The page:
Thursday, June 9, 2011

Luther's Large Catechism on the First Commandment

Let's take a detour, which is really no detour, to the Large Catechism. The Large Catechism is no less a treasure than the small one dealing with the same fundamentals.  We must go there.

Going to the Reader's Edition we have a helpful introduction.

Luther spends more time on the First Commandment than on any other portion of the Catechism, explaining how essential it is to know, trust, and believe in the true God and to let nothing take His place.  He was convinced that where this commandment was being kept, all other commandments would follow.  A right relationship with God produces right relationships with fellow human beings.  
Very nice.  So help us God.

I will quote the first part and then summarize after that.

You shall have no other gods.  What this means:  You shall have Me alone as your God.  What is the meaning of this, and how is it to be understood?  What does it mean to have a god?  Or, what is God?  Answer:  A god means that from which we are to expect all good and in which we are to take refuge in all distress.  So, to have a God is nothing other than trusting and believing Him with the heart.  I have often said that the confidence and faith of the heart alone make both God and an idol.  If your faith and trust is right, then your god is also true.  On the other hand, of your trust is false and wrong, then you do not have the true God.  For these two belong together, faith and God [Hebrews 11:6].  Now, I say that whatever you set your heart on and put your trust in is truly your god.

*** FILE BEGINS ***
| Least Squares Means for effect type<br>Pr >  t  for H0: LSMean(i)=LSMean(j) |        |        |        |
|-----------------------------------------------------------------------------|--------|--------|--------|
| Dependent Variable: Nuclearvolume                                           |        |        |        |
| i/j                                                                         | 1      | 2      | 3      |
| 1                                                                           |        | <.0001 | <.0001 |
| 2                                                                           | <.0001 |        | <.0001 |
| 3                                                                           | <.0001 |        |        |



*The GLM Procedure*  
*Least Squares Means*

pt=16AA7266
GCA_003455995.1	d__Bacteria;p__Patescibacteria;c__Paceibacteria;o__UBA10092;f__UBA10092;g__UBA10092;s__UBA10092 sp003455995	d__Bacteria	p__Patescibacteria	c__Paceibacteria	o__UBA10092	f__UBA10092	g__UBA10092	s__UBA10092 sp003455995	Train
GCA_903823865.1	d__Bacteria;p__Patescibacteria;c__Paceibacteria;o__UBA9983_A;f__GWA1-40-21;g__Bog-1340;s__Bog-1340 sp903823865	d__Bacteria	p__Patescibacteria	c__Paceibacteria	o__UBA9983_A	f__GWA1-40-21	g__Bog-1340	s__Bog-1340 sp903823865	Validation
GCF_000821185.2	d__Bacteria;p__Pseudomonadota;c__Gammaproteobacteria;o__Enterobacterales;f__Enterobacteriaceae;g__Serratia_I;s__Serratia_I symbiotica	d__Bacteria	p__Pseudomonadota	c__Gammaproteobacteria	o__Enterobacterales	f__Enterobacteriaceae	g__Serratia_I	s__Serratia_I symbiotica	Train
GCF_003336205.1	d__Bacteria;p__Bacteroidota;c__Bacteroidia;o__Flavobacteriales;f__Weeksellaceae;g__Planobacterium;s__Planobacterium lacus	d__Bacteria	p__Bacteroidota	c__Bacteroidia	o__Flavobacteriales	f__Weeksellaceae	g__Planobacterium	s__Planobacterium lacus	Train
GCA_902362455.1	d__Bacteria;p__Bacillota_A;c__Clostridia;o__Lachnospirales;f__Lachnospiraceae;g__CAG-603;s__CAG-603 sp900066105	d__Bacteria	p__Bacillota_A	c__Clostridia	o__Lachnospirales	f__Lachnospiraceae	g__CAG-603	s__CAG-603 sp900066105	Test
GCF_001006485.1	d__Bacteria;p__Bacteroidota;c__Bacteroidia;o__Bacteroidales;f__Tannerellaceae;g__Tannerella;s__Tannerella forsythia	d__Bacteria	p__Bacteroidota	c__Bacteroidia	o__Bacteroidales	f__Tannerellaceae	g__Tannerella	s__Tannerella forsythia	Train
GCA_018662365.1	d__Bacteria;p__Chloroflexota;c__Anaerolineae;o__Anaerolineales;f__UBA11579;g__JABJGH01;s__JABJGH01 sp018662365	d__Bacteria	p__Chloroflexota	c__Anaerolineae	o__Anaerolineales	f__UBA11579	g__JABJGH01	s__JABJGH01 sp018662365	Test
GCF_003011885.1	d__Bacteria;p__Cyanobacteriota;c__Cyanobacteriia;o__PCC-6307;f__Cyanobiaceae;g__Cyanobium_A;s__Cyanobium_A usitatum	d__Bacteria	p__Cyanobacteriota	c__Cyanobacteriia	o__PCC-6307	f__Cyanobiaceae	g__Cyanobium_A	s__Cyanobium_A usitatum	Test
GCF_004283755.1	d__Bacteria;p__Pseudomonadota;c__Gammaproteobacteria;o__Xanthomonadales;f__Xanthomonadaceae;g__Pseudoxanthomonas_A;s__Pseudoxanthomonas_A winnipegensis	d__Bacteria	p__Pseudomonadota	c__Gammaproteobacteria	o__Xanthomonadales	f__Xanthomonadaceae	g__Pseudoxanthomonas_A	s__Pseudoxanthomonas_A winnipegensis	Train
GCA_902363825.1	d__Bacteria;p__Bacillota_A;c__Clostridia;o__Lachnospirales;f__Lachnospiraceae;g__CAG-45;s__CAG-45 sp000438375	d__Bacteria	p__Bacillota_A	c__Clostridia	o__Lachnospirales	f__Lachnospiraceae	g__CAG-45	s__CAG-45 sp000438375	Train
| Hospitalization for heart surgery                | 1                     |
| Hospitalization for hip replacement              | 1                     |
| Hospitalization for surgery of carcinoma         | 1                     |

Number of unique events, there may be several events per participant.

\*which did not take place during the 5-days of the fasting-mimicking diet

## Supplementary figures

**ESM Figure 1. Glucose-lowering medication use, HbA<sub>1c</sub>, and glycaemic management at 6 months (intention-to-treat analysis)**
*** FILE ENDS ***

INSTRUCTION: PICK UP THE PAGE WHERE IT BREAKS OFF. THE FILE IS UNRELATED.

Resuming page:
The purpose of this commandment is to require true faith and trust of the heart, which settles upon the only true God and clings to Him alone.  It is like saying, "See to it that you let Me alone be your God, and never seek another."  In other words, "Whatever you lack of good things, expect it from Me.  Look to Me for it.  ad whenever you suffer misfortune and distress, crawl and cling to Me.  I, yes, I will give you enough and help you out of every need.  Only do not let your heart cleave to or rest on another."
It strikes me that we don't usually think of having a god, in this way.  This is probably because we don't have much faith.  It moves me that God has been so faithful in calling for this faith and love.  Where others see a tyrant for demanding such allegiance and having such rules, I see only a lover, a fortress.  It is his ultimate condescension that he wishes to have our heart.

The fact that we have such a powerful God should set us at rest and peace.  It should let all worry cease.  Yoga may be good for many things, but it cannot set your mind at ease.  Its objective is to cease thinking.  But God gives me the thoughts that bear me up.  His word is life and we cling to every syllable.

OK, then to summarize:  Luther outlines what he calls "counterexamples."  He explains at length the trust in Mammon and how it affects us when we have possessions and when we don't and how we deal with it when we have losses.  Similarly, skill, prudence, power, favor, friendship, and honor can be used by us as "gods".   One can see how arrogant people are who have such things and how despondent they are when they lose them.

Then he talks about praying to the saints for relief and calls this an abomination.

To quote again:

So you can easily understand what and how much this commandment requires.  A person's entire heart and all his confidence must be placed in God alone and in no one else.  For to "have" God, you can easily see, is not to take hold of Him with our hands or to put Him in a bag, like money, or to lock Him in a chest.  Instead, to "have" Him means that the heart takes hold of Him and clings to Him.  To cling to Him with the heart is nothing else than to trust in Him entirely.  For this reason God wishes to turn us away from everything else that exists outside of Him and to draw us to Himself  [John 6:44].  It is as though he would say,  "Whatever you have previously sought from the saints, or for whatever things you have trusted in money or anything else, expect it all from Me.  Think of Me as the one who will help you and pour out upon you richly all good things."